The Atlantic looks at how journalism needs to change its language and structure to properly report on police violence. Back when I was 22, I worked in a group home as a social worker caring for dual-diagnosed adults (no DSW was needed back then, and I was basically hired for my size and martial arts experience to work with violent residents in a farmwork day program) I saw an act of blatant abuse by a staff member and wrote an incident report on it. I was sat down by the administration and “taught” how to recode the language so no one got in trouble. “Shoved to the ground and kicked” became “physically assisted the client to the ground” and “threatened an aquaphobic resident with a garden hose” became “the client was encouraged to return to his room”. I was 22, and protested too weakly against the changes. Then I quit shortly thereafter, probably out of guilt as much as disgust. But this shit has been going on forever, in all facets of life where those in power are free to choke the life out of those without because they know the language will minimize their crimes.
In light of the recent police killings of George Floyd, Breonna Taylor, and Tony McDade, journalists are faced, once again, with the task of making sense of black protest for the American public. It bears asking what media professionals have learned, not just in the six years since the killing of Michael Brown in Ferguson, Missouri, spurred national outrage, but also in the decades, and centuries, of black American resistance.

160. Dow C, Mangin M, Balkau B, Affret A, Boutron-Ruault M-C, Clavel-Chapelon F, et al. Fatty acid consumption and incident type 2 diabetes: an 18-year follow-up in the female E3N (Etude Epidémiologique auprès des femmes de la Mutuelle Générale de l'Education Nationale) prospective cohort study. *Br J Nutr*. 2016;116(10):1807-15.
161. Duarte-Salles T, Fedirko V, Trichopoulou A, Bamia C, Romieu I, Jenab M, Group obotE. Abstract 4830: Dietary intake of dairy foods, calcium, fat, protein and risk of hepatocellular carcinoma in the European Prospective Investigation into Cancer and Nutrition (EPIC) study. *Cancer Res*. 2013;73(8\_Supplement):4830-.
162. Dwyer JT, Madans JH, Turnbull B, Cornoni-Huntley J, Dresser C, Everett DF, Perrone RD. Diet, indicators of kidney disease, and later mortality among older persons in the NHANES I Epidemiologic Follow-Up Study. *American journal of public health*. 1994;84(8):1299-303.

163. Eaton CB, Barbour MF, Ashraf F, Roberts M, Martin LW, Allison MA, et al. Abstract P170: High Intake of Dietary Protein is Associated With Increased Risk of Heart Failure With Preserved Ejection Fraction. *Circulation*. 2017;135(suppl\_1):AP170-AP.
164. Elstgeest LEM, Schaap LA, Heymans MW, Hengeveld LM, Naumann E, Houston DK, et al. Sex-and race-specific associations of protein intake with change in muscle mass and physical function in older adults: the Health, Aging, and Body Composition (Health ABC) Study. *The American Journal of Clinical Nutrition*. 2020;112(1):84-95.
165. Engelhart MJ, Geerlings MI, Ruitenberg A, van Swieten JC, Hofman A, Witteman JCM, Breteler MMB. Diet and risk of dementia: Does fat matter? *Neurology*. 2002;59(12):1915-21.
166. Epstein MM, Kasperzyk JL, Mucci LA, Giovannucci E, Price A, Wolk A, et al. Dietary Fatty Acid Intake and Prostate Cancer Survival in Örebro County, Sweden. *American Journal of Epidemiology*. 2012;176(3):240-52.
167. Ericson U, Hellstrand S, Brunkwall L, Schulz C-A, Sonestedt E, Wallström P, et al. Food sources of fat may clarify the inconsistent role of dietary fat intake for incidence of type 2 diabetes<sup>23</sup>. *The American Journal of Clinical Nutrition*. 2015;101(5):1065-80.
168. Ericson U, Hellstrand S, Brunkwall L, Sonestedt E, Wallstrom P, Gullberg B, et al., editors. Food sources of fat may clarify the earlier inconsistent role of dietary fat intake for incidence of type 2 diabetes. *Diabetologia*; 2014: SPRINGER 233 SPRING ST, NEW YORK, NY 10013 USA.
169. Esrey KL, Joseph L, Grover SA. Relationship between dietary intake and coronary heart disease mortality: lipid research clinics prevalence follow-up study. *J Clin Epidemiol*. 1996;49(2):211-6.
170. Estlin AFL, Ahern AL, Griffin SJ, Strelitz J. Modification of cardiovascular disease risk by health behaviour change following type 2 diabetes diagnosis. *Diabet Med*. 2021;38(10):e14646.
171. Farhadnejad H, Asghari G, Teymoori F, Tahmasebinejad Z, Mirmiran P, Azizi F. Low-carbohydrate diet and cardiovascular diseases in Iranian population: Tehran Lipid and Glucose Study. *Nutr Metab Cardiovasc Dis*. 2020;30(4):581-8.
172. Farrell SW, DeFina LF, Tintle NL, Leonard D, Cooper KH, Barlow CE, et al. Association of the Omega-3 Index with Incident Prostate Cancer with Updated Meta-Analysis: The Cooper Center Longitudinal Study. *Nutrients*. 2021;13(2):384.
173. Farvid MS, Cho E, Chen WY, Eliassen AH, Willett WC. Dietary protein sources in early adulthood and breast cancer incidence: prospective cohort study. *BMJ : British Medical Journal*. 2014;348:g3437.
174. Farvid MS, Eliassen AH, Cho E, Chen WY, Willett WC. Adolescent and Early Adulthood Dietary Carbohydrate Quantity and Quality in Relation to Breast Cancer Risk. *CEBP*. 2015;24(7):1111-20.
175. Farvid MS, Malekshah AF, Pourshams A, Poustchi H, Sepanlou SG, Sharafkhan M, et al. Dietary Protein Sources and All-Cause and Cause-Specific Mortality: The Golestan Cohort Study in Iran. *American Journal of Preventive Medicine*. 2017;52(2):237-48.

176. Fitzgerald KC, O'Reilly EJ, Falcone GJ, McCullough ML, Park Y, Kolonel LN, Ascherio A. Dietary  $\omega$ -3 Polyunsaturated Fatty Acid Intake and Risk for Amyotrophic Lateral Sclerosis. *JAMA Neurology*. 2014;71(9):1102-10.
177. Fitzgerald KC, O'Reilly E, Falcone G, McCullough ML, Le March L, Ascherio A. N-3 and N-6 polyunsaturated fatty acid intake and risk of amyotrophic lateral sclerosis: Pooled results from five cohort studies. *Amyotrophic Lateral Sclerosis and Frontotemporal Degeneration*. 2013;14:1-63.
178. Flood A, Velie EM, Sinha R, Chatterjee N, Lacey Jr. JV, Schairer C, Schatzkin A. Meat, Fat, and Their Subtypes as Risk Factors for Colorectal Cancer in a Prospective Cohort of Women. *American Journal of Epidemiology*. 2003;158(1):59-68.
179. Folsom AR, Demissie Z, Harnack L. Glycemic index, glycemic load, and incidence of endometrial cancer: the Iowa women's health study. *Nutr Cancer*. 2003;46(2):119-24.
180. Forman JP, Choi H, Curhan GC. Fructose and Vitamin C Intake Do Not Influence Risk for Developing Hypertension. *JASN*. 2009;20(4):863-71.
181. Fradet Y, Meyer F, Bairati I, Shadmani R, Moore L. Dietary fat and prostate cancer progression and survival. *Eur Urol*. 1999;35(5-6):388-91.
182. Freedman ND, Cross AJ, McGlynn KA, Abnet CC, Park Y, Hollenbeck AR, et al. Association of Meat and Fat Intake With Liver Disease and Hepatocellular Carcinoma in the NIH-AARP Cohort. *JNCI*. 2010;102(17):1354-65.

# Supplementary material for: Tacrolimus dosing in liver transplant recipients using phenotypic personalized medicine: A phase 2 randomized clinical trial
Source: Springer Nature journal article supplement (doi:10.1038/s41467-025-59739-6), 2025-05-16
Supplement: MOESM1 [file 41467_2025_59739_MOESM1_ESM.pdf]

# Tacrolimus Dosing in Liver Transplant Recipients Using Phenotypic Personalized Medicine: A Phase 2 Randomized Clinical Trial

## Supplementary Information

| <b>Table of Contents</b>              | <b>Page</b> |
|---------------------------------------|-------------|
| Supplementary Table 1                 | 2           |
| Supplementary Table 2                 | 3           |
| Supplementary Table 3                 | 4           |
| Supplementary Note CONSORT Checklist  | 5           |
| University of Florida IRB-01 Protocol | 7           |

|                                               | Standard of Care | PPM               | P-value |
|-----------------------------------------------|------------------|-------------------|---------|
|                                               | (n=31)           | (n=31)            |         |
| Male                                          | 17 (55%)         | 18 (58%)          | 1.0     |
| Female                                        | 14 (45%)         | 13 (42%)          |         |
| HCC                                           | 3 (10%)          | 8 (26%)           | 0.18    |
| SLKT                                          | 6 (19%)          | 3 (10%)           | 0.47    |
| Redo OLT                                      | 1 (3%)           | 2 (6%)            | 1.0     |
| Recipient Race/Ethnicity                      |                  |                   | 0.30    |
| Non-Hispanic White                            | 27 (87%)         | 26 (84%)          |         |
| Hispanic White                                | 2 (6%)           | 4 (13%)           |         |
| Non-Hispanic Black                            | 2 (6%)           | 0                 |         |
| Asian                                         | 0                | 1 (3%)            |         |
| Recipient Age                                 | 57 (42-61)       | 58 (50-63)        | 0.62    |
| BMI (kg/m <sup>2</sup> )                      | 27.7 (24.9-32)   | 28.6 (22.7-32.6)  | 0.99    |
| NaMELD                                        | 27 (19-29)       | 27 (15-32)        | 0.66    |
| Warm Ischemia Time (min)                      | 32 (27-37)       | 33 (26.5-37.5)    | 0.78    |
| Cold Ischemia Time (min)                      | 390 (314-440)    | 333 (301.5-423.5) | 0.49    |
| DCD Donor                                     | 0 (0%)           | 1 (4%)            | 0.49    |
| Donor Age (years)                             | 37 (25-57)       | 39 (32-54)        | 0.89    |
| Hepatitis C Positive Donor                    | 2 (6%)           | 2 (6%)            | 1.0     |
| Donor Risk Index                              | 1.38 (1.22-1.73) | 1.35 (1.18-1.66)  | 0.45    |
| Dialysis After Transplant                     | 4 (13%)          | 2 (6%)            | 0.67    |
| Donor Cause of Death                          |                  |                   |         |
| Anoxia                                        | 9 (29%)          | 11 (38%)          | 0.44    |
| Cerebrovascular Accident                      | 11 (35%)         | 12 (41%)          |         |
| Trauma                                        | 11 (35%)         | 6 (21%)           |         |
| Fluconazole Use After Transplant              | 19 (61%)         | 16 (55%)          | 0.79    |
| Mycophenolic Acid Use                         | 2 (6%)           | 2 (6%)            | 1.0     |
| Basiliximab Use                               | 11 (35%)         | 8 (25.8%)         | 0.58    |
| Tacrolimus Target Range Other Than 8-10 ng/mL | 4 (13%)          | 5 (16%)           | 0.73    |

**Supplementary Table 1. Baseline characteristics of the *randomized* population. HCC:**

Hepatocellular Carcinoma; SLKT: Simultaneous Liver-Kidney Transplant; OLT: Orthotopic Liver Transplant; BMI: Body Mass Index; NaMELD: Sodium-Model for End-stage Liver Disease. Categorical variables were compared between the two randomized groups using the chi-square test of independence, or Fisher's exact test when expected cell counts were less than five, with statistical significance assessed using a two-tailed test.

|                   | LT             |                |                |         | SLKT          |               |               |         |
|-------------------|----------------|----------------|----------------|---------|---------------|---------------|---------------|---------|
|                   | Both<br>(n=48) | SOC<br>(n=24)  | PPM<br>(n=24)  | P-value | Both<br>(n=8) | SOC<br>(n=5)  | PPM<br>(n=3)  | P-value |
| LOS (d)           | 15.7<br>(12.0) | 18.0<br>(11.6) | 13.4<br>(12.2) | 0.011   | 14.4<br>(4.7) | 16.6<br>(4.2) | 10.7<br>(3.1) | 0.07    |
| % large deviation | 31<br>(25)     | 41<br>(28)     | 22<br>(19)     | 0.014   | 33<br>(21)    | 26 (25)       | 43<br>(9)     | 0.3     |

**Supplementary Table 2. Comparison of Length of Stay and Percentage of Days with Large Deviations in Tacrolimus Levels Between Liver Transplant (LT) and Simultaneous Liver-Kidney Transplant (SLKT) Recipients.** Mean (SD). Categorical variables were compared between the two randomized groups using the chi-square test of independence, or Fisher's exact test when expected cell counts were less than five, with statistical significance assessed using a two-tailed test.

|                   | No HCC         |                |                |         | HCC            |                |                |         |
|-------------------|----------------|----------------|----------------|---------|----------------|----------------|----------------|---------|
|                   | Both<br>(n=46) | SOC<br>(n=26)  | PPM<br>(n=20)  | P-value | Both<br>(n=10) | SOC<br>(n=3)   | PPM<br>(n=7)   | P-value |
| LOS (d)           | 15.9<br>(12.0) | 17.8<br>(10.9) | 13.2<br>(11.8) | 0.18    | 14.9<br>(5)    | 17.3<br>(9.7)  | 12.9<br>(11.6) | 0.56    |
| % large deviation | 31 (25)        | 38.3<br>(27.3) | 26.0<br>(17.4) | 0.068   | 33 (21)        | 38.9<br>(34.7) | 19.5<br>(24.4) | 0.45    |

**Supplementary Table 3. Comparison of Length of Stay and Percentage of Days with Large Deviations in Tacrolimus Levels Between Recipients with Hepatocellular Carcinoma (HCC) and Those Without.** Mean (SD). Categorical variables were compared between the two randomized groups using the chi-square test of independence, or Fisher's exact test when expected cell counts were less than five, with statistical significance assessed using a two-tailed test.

How the news covers activism matters profoundly to a democracy because the media can influence public support or rejection of policies that might solve social ills such as racism and police brutality. Following the dozens of uprisings that swept U.S. cities after the assassination of Martin Luther King Jr. in 1968, Lyndon B. Johnson’s National Advisory Commission on Civil Disorders, commonly known as the Kerner Commission, reported on the cause and possible future prevention of such unrest. The commission asserted that, in addition to generational poverty, housing and employment discrimination, and over-policing, the media was partially responsible for the neglect felt by black communities.